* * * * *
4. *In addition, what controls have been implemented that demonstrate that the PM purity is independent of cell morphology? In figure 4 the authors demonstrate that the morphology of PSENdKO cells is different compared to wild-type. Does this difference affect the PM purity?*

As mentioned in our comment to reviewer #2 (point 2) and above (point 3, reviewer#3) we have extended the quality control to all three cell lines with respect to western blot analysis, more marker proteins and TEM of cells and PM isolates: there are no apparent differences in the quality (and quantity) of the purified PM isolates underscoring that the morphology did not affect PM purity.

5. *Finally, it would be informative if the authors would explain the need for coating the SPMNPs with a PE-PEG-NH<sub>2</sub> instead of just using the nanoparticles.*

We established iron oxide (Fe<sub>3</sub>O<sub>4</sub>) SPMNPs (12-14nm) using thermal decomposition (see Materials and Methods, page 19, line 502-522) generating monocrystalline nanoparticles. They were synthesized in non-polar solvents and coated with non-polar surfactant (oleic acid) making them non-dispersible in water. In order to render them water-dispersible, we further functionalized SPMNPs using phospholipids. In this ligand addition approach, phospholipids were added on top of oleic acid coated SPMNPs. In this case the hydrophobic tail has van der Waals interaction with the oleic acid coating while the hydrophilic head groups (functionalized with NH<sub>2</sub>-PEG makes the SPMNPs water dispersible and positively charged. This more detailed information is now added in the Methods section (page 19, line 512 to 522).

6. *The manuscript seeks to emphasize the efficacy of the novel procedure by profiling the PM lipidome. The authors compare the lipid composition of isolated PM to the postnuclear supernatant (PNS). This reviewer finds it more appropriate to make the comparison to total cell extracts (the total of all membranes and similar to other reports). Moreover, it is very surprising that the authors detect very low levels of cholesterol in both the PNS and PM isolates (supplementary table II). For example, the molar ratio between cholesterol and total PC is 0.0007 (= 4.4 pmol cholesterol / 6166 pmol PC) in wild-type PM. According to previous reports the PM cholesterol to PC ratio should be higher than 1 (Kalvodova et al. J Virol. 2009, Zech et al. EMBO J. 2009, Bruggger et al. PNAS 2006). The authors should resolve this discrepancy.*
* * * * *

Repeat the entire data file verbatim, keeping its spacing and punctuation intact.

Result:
4. *In addition, what controls have been implemented that demonstrate that the PM purity is independent of cell morphology? In figure 4 the authors demonstrate that the morphology of PSENdKO cells is different compared to wild-type. Does this difference affect the PM purity?*

As mentioned in our comment to reviewer #2 (point 2) and above (point 3, reviewer#3) we have extended the quality control to all three cell lines with respect to western blot analysis, more marker proteins and TEM of cells and PM isolates: there are no apparent differences in the quality (and quantity) of the purified PM isolates underscoring that the morphology did not affect PM purity.

5. *Finally, it would be informative if the authors would explain the need for coating the SPMNPs with a PE-PEG-NH<sub>2</sub> instead of just using the nanoparticles.*

We established iron oxide (Fe<sub>3</sub>O<sub>4</sub>) SPMNPs (12-14nm) using thermal decomposition (see Materials and Methods, page 19, line 502-522) generating monocrystalline nanoparticles. They were synthesized in non-polar solvents and coated with non-polar surfactant (oleic acid) making them non-dispersible in water. In order to render them water-dispersible, we further functionalized SPMNPs using phospholipids. In this ligand addition approach, phospholipids were added on top of oleic acid coated SPMNPs. In this case the hydrophobic tail has van der Waals interaction with the oleic acid coating while the hydrophilic head groups (functionalized with NH<sub>2</sub>-PEG makes the SPMNPs water dispersible and positively charged. This more detailed information is now added in the Methods section (page 19, line 512 to 522).

6. *The manuscript seeks to emphasize the efficacy of the novel procedure by profiling the PM lipidome. The authors compare the lipid composition of isolated PM to the postnuclear supernatant (PNS). This reviewer finds it more appropriate to make the comparison to total cell extracts (the total of all membranes and similar to other reports). Moreover, it is very surprising that the authors detect very low levels of cholesterol in both the PNS and PM isolates (supplementary table II). For example, the molar ratio between cholesterol and total PC is 0.0007 (= 4.4 pmol cholesterol / 6166 pmol PC) in wild-type PM. According to previous reports the PM cholesterol to PC ratio should be higher than 1 (Kalvodova et al. J Virol. 2009, Zech et al. EMBO J. 2009, Bruggger et al. PNAS 2006). The authors should resolve this discrepancy.*